Our favorite among the places we visited was the Fushimi Inari-Taisha shrine. The famous walkways with the seemingly endless vermilion Torii gates were no less packed at the start. But when climbing higher up the hill on the nearly 5 kilometers long path, it got more empty and more enjoyable. The path to the top is lined with many little shrines and graveyards, all with their own collection of miniature Torii gates. It was a truly magical place.


We visited Nara on a day-trip from Kyoto. Japan’s 8th century capital is home to a huge park, filled with shrines, temples, gardens and hundreds of tame deer. Nara is most famous for the 15 meter tall Daibutsu, Japan’s largest Buddha statue. We were strolling through the park, when a group of school kids approached us. They were tasked to practice their English on tourists. After answering some simple questions, they awarded us for our cooperation with a nice painting.


A short Shinkansen ride from Kyoto lies Himeji. We came to the town to see the castle Himeji-jo, said to be the most beautiful in all of Japan. The castle did not disappoint. All in white, it thrones over the small city. We were surprised at how few people were visiting the castle that day. Probably everyone was in Kyoto. We could even go inside the completely wooden building and enjoy the view over Himeji from the top. Next to the castle there was also a very beautiful garden, Koko-en, which was very enjoyable given the few other people around.


Our last side-trip from Kyoto brought us to Osaka. The city is the birth-place of conveyor-belt sushi, so of course we had to try it there. The park around the castle Osaka-jo made for an enjoyable afternoon stroll, but the best sight of Osaka comes to life only after sunset. The entertainment district Dotonbori was a refreshingly different experience from the cultural sights of Kyoto. Blinking neon signs and crazy decorations scream for attention in this mad street. Our favorite was the giant, moving crab advertising a restaurant.


Posted by samandmarta 19:00 Archived in Japan Comments (1)

Kyushu & Western Honshu

Fukuoka, Kagoshima, Kurokawa Onsen, Kumamoto, Miyajima & Hiroshima

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We spent our first four days in Japan in Kyushu, the smallest and most southern of the three major islands of the country. It is not on the main tourist route, as it is a bit far from Tokyo, and we only stayed there because it was the most convenient point of entry from South Korea. Having said that, Kyushu ended up exceeding our expectations and we wished we had stayed there longer. There are many beautiful places to explore and they are mostly quiet and serene.

Our time in Kyushu started with the early morning arrival in Fukuoka, the island’s largest city. We spent one day in this town and were pleasantly surprised by the beautiful gardens, temples and Shinto shrines. All the sights were either empty or at most visited by a handful of locals, which made our day a very relaxing one.


The next day we took the Shinkansen down to a very special city in the south of Kyushu. Kagoshima is located right next to a small island with a very active volcano, called Sakurajima. The volcano erupts on average once every 8 hours, but the small eruptions do not usually cause harm to the city. However, it is not uncommon for ash to fall over Kagoshima. While we were not fortunate enough to witness this, we did see smoke raising from the volcano during our entire stay. We took the ferry to the volcano in the afternoon and enjoyed a peaceful stroll along its shore. To end the day we had a relaxing foot bath, fueled by the heat of the volcano, in a park on this island.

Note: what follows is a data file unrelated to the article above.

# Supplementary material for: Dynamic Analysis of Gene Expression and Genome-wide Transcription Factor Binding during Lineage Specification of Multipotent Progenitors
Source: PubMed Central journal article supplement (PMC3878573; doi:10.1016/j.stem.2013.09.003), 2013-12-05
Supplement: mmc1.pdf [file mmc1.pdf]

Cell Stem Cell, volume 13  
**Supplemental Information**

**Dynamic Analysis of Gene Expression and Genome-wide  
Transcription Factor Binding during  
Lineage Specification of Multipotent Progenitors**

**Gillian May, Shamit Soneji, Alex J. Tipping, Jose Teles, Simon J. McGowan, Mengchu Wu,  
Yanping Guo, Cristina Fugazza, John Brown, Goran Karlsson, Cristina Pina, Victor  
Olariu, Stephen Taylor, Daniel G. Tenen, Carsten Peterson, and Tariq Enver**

For a traditional Japanese experience, we headed to Kurokawa Onsen next. The secluded hot-spring village was the perfect spot to unwind and regain energy for our next adventures. We stayed in a ryokan, which is a traditional Japanese guesthouse where floors are covered with tatami mats and eating and sleeping is done on the ground. There, we were served an amazing kaiseki dinner to our room. Kaiseki is the Japanese version of haute-cuisine, where you are served many tiny plates with different, artistically arranged dishes. If you thought this would not be filling, you would be wrong. Every 10 minutes or so, we were served another couple of plates, until we were grateful for the dessert which marked the end of the dinner. To make the evening even better, our ryokan also had it’s own onsens (hot spring pools). After some time in and out of the hot water, we went back to the room and slept like babies.


For our last day in Kyushu, we stayed in Kumamoto. The city’s landmark, the castle Kumamoto-jo, was unfortunately still under reconstruction, after being damaged by an earthquake two years ago. Instead, we visited the garden Suizenji-jojuen. The garden featured an extremely photogenic pond and even had a miniature Mount Fuji. We also loved Kumamoto’s cuddly mascot Kumamon. It was difficult to find a spot in the town where you could not see its cute face smiling at you.


After we had left Kyushu, we spent an afternoon wandering around the island of Miyajima near Hiroshima. The island is mostly famous for its Floating Torii, a large Shinto gate built in the shallow water in front of a shrine. There were, however, also many nice gardens and temples on this island to discover. For the first time in Japan, we had to deal with the big crowds that the major attractions draw, especially since it was a Saturday.


Sunday we spent in Hiroshima, where the main “attraction” is the city’s tragic history as the world’s first target of an atomic bomb attack. A beautiful park in the center of the city is dedicated to the victims of this event. Many monuments are scattered throughout the park, for the memory of the deceased and for a future world without nuclear weapons. The most impressive sight in the park is the Atomic Bomb Dome, a building that was almost in the epicenter of the explosion and one of very few that was not completely destroyed by it. The building was left unchanged since then, neither demolished nor reconstructed, as a memorial to the tragic event. We also visited the Hiroshima Peace Memorial Museum, where the gripping tale of the first atomic bomb attack is told. From the early development of nuclear weapons to the horrifying effect the bomb had on the civilians affected by it. We ended the day on a lighter note with a visit to the city’s castle, Hiroshima-jo.